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The Good and the Bad of Antidepressants: Sexual Side Effects

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By Thomas L. Schwartz, MDApril 29, 2011
From the WebMD Archives

Many people who take antidepressants comment that they have been very effective in stopping their crying spells, improving their drive, motivation, and social engagement. However, just when these effective medications have begun to be very helpful, they have noticed some problems with sexual functioning. Many antidepressants, if not most of them, can cause poor libido, inability to have an orgasm, erectile dysfunction in men, etc. When antidepressants increase serotonin in the brain to help depression and anxiety, they also increase serotonin in the spinal cord which may disrupt sexual functioning at the same time. This serotonin over-activity may cause sexual problems.

This type of side effect may be a ‘deal breaker.’ Many patients want to have sex once they’re feeling better, and then will want to stop their initially effective antidepressant due to these sexual side effects. Unfortunately, it is very clear that stopping an antidepressant too quickly will often result in the major depression symptoms coming right back.

Below are some ideas about how to avoid sexual side effects or treat them if they happen to you.

1) Use psychotherapy to treat your depression or anxiety. Psychotherapy has no sexual side effects and in many studies is shown to be as effective as medications in helping depression or anxiety. Consider a bona fide course of psychotherapy such as cognitive behavioral psychotherapy, interpersonal psychotherapy, or psychodynamic psychotherapy as these specific types of psychotherapy have well documented outcomes in the treatment of depression and anxiety

2) Ask your doctor to choose an antidepressant with less sexual side effect risk. Bupropion (Wellbutrin) antidepressant products do not manipulate serotonin at all and are considered to be sexual side effect free by many doctors. Trazodone (Desyrel, Oleptro) products manipulate serotonin mildly and through a different mechanism and appear to have less sexual side effect problems as well. In treating certain forms of anxiety, buspirone (BuSpar) also is known for producing fewer sexual side effects.

3) If you have to be on a serotonergic antidepressant and develop sexual problems, consider asking your doctor for an antidote. Almost none of these medications are FDA approved for improving sexual functioning, however many psychiatrists use them in order to lower sexual side effects while keeping their patient on an effective serotonin antidepressant. Bupropion and buspirone, as noted above, are often actually added to serotonin antidepressants in order to improve sexual side effects. Patients will have to take two medications at the same time but often two medications may improve depression more substantially and also lower sexual side effects at the same time. This is considered a ‘win-win’ situation. Sometimes the ADHD medication methylphenidate (Ritalin) is added as an option. Finally, erectile dysfunction medications (sildenafil — Viagra — etc. ) may specifically help men and they can be used as well.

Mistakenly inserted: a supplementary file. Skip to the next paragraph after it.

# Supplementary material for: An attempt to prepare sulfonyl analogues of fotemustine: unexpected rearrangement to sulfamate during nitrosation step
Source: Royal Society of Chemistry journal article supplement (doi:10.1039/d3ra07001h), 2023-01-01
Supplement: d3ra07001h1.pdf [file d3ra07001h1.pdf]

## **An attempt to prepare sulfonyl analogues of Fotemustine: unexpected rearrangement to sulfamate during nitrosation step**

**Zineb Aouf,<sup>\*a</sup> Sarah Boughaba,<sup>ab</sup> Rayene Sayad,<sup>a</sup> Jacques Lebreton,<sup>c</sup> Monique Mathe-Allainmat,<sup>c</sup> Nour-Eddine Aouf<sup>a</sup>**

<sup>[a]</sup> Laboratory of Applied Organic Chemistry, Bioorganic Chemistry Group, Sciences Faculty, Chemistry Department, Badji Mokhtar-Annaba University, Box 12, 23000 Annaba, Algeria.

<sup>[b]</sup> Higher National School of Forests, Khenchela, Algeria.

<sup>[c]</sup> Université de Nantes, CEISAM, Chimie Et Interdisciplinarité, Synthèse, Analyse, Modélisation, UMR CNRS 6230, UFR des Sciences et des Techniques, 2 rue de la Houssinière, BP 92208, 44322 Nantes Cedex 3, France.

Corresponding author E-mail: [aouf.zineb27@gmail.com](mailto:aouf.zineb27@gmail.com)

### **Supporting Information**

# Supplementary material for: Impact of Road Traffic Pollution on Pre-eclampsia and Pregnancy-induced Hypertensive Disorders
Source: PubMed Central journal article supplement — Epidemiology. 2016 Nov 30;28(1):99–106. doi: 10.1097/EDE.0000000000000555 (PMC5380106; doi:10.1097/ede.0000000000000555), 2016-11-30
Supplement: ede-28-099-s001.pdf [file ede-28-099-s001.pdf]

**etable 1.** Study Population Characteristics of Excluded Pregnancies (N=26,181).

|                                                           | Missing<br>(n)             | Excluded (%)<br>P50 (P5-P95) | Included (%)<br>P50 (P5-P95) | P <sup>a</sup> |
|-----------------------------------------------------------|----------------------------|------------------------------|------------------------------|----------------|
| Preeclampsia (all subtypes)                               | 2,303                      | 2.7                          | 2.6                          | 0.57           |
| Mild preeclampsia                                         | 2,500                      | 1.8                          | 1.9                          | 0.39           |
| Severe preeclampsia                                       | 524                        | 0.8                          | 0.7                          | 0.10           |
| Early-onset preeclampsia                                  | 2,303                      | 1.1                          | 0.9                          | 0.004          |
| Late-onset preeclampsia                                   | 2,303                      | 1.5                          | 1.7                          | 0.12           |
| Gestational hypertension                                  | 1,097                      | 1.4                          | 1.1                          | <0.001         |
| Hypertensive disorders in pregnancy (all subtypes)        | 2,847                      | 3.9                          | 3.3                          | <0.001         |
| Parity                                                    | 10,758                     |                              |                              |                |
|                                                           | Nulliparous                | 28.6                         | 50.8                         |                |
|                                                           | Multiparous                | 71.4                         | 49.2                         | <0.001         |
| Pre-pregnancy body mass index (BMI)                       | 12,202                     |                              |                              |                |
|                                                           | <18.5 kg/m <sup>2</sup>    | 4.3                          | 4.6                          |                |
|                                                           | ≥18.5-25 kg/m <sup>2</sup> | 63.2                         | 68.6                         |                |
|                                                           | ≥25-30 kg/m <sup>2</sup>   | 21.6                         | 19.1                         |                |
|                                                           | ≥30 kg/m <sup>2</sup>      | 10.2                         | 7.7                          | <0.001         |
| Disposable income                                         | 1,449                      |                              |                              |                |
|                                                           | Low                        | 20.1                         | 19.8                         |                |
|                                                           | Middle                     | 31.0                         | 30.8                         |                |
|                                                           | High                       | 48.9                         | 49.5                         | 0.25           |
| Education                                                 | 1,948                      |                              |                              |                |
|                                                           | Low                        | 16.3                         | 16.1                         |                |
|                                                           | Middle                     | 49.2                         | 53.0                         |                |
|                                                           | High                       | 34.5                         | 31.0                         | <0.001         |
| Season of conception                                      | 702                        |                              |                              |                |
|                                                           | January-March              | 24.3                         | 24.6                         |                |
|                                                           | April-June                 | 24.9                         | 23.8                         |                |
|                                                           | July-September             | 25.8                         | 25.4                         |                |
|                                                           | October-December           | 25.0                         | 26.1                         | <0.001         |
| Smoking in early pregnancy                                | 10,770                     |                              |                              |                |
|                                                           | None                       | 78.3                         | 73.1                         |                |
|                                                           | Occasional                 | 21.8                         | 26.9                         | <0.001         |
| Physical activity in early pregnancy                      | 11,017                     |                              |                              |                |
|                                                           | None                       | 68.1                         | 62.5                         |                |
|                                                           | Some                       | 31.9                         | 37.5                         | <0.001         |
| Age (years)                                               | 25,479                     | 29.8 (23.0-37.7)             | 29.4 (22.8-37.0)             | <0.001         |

4) Just bite the bullet. Sometimes, patients cannot avoid being on serotonin-based antidepressants. These antidotes may not be safe for the individual patient or may not work for the patient. In this case, patients will have to decide to have continued good antidepressant effect but suffer sexual side effects or risk discontinuing the antidepressant and a possible relapse into major depression. Often times, depression is treated from six months to a year with good antidepressant treatment. Giving up sexual functioning for a year might be worth keeping the depression away.

Keep in mind that one person’s side effects might be another person’s antidote! Some patients I meet with will report that the serotonin-based antidepressant actually helped their sexual performance and enjoyment. For example, some men report that they have premature ejaculation, but their antidepressant has solved this problem. In these cases, I do not consider this a side effect, but rather an antidote for their problem. Similarly, some women will report that they are too nervous or worried and as a result they cannot have or reach an orgasm during sex. If the serotonin antidepressant treats these worries then sexual functioning actually improves. Again, I would consider this a good effect and not a side effect. Keep in mind that much of the hype revolves around the negative side effects, but often does not tell you about the positive effects as noted above.

Thomas L. Schwartz, MD is associate professor of psychiatry, director of adult outpatient services, and assistant director for psychiatric residency training at SUNY Upstate Medical University, where he also directs the Depression & Anxiety Disorders Research Program. Schwartz also maintains a private practice and consults for the Indian Health Service, the Neuroscience Education Institute, pharmaceutical companies, and associated industries. He is the author of Depression: Treatment Strategies and Management, 2nd Ed.

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